159. Piskorowska, J.; Gajewska, M.; Szymanska, H.; Krysiak, E.; Quan, L.; Grygalewicz, B.; Skurzak, H.M.; Czarnomska, A.; Pienkowska-Grela, B.; Demant, P. Susceptibility loci and chromosomal abnormalities in radiation induced hematopoietic neoplasms in mice. J. Rad. Res. 2011, 52, 147–158. [Google Scholar] [CrossRef]
  160. Davila, M.; Foster, S.; Kelsoe, G.; Yang, K. A role for secondary V(D)J recombination in oncogenic chromosomal translocations? Advan. Cancer Res. 2001, 81, 61–92. [Google Scholar] [CrossRef]
  161. Marculescu, R.; Le, T.; Bocskor, S.; Mitterbauer, G.; Chott, A.; Mannhalter, C.; Jaeger, U.; Nadel, B. Alternative end-joining in follicular lymphomas’ t(14;18) translocation. Leukemia 2002, 16, 120–126. [Google Scholar] [CrossRef]
  162. Marculescu, R.; Le, T.; Simon, P.; Jaeger, U.; Nadel, B. V(D)J-mediated translocations in lymphoid neoplasms: A functional assessment of genomic instability by cryptic sites. J. Exp. Med. 2002, 195, 85–98. [Google Scholar] [CrossRef]
  163. Kominami, R.; Niwa, O. Radiation carcinogenesis in mouse thymic lymphomas. Cancer Sci. 2006, 97, 575–581. [Google Scholar] [CrossRef]
  164. Kaplan, H.S. The role of radiation on experimental leukemogenesis. Natl. Cancer Inst. Monogr. 1964, 14, 207–220. [Google Scholar]
  165. Sado, T.; Kamisaku, H.; Kubo, E. Bone marrow-thymus interactions during thymic lymphomagenesis induced by fractionated radiation exposure in B10 mice: Analysis using bone marrow transplantation between Thy 1 congenic mice. J. Radiat. Res. 1991, 32, 168–180. [Google Scholar]
  166. Boniver, J.; Humblet, C.; Rongy, A.M.; Delvenne, C.; Delvenne, P.; Greimers, R.; Thiry, A.; Courtoy, R.; Defresne, M.P. Cellular events in radiation-induced lymphomagenesis. Int. J. Radiat. Biol. 1990, 57, 693–698. [Google Scholar] [CrossRef]
  167. Kaplan, H.S.; Hirsch, B.B.; Brown, M.B. Indirect induction of lymphomas in irradiated mice. IV. Genetic evidence of the origin of the tumor cells from the thymic grafts. Cancer Res. 1956, 16, 434–436. [Google Scholar]
  168. Kaplan, H.S.; Carnes, W.H.; Brown, M.B.; Hirsch, B.B. Indirect induction of lymphomas in irradiated mice. I. Tumor incidence and morphology in mice bearing nonirradiated thymic grafts. Cancer Res. 1956, 16, 422–425. [Google Scholar]
  169. Kaplan, H.S.; Brown, M.B.; Hirsch, B.B.; Carnes, W.H. Indirect induction of lymphomas in irradiated mice. II. Factor of irradiation of the host. Cancer Res. 1956, 16, 426–428. [Google Scholar]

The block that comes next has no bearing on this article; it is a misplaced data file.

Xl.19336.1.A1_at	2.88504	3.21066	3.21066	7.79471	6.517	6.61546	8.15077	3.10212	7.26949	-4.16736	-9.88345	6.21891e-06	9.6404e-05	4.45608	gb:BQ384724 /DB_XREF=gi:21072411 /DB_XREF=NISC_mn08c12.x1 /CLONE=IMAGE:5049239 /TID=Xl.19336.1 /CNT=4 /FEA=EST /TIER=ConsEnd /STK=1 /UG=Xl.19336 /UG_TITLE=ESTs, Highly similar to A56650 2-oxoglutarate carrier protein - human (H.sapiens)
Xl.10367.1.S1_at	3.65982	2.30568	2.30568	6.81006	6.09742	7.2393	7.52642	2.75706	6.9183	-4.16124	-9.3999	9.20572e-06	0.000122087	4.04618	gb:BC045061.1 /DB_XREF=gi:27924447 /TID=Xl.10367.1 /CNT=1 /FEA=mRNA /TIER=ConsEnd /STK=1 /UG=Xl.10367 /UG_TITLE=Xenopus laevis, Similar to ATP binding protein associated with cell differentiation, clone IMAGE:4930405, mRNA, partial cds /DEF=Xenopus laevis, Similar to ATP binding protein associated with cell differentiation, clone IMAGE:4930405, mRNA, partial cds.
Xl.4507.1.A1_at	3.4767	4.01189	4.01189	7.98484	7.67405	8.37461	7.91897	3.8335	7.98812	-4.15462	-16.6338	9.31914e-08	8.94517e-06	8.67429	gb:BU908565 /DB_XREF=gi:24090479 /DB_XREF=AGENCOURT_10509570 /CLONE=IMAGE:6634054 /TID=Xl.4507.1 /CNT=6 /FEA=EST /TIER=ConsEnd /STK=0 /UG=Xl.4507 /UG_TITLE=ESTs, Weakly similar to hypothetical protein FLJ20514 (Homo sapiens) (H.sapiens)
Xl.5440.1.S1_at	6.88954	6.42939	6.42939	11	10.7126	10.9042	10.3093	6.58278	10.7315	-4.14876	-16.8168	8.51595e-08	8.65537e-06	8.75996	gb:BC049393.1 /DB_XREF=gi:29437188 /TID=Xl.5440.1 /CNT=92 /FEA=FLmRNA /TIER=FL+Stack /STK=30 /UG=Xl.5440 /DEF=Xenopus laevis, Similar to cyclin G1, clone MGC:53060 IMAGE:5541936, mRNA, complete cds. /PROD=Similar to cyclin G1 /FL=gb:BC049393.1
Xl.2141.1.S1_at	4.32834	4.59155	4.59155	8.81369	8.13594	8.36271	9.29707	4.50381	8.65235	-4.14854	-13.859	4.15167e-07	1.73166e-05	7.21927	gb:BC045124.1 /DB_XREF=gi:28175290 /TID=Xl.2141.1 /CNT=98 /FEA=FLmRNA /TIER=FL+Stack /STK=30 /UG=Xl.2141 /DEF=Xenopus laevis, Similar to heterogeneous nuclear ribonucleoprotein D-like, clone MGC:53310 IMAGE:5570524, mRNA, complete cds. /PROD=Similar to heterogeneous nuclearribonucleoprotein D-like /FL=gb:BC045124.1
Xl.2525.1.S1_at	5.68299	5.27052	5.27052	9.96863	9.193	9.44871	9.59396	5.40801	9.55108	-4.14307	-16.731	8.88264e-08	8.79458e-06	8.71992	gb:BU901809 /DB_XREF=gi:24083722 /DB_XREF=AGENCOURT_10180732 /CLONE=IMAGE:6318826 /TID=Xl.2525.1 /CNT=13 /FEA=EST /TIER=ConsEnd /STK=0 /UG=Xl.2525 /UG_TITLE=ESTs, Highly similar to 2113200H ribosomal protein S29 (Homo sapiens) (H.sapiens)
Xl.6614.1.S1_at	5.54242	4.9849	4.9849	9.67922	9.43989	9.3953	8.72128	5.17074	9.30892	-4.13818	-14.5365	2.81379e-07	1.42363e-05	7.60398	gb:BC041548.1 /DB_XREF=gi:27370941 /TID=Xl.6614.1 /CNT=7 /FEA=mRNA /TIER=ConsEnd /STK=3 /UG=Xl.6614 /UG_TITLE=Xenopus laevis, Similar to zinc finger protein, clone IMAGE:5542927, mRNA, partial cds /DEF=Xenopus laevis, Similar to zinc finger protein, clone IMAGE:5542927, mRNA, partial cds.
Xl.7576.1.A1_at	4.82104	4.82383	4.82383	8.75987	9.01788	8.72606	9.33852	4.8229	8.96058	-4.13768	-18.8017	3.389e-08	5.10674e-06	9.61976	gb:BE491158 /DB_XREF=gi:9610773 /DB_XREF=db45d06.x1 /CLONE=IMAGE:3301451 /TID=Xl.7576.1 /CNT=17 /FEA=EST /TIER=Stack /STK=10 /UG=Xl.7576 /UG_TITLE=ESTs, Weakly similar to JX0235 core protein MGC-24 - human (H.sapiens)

170. Muto, M.; Kubo, E.; Sado, T. Development of prelymphoma cells committed to thymic lymphomas during radiation-induced thymic lymphomagenesis in B10 mice. Cancer Res. 1987, 47, 3469–3472. [Google Scholar]
  171. Little, J.B. Radiation carcinogenesis. Carcinogenesis 2000, 21, 397–404. [Google Scholar] [CrossRef]
  172. Redpath, J.L.; Gutierrez, M. Kinetics of induction of reactive oxygen species during the post-irradiation expression of neoplastic transformation in vitro. Int. J. Radiat. Biol. 2001, 77, 1081–1085. [Google Scholar] [CrossRef]
  173. Tamura, Y.; Maruyama, M.; Mishima, Y.; Fujisawa, H.; Obata, M.; Kodama, Y.; Yoshikai, Y.; Aoyagi, Y.; Niwa, O.; Schaffner, W.; et al. Predisposition to mouse thymic lymphomas in response to ionizing radiation depends on variant alleles encoding metal-responsive transcription factor-1 (Mtf-1). Oncogene 2005, 24, 399–406. [Google Scholar]
  174. Maruyama, M.; Yamamoto, T.; Kohara, Y.; Katsuragi, Y.; Mishima, Y.; Aoyagi, Y.; Kominami, R. Mtf-1 lymphoma-susceptibility locus affects retention of large thymocytes with high ros levels in mice after gamma-irradiation. Biochem. Biophys. Res. Commun. 2007, 354, 209–215. [Google Scholar] [CrossRef]
  175. Lichtlen, P.; Wang, Y.; Belser, T.; Georgiev, O.; Certa, U.; Sack, R.; Schaffner, W. Target gene search for the metal-responsive transcription factor Mtf-1. Nucleic Acids Res. 2001, 29, 1514–1523. [Google Scholar] [CrossRef]
  176. Sun, L.; Goodman, P.A.; Wood, C.M.; Crotty, M.L.; Sensel, M.; Sather, H.; Navara, C.; Nachman, J.; Steinherz, P.G.; Gaynon, P.S.; et al. Expression of aberrantly spliced oncogenic Ikaros isoforms in childhood acute lymphoblastic leukemia. J. Clin. Oncol. 1999, 17, 3753–3766. [Google Scholar]
  177. Sun, L.; Crotty, M.L.; Sensel, M.; Sather, H.; Navara, C.; Nachman, J.; Steinherz, P.G.; Gaynon, P.S.; Seibel, N.; Mao, C.; et al. Expression of dominant-negative Ikaros isoforms in T-cell acute lymphoblastic leukemia. Clin. Cancer Res. 1999, 5, 2112–2120. [Google Scholar]
  178. Ruiz, A.; Jiang, J.; Kempski, H.; Brady, H.J. Overexpression of the Ikaros 6 isoform is restricted to t(4;11) acute lymphoblastic leukaemia in children and infants and has a role in B-cell survival. Brit. J. Haematol. 2004, 125, 31–37. [Google Scholar] [CrossRef]
  179. Mullighan, C.G.; Miller, C.B.; Radtke, I.; Phillips, L.A.; Dalton, J.; Ma, J.; White, D.; Hughes, T.P.; Le Beau, M.M.; Pui, C.H.; et al. BCR-ABL1 lymphoblastic leukaemia is characterized by the deletion of Ikaros. Nature 2008, 453, 110–114. [Google Scholar]
  180. Tsuji, H.; Ishii-Ohba, H.; Katsube, T.; Ukai, H.; Aizawa, S.; Doi, M.; Hioki, K.; Ogiu, T. Involvement of illegitimate V(D)J recombination or microhomology-mediated nonhomologous end-joining in the formation of intragenic deletions of the Notch1 gene in mouse thymic lymphomas. Cancer Res. 2004, 64, 8882–8890. [Google Scholar] [CrossRef]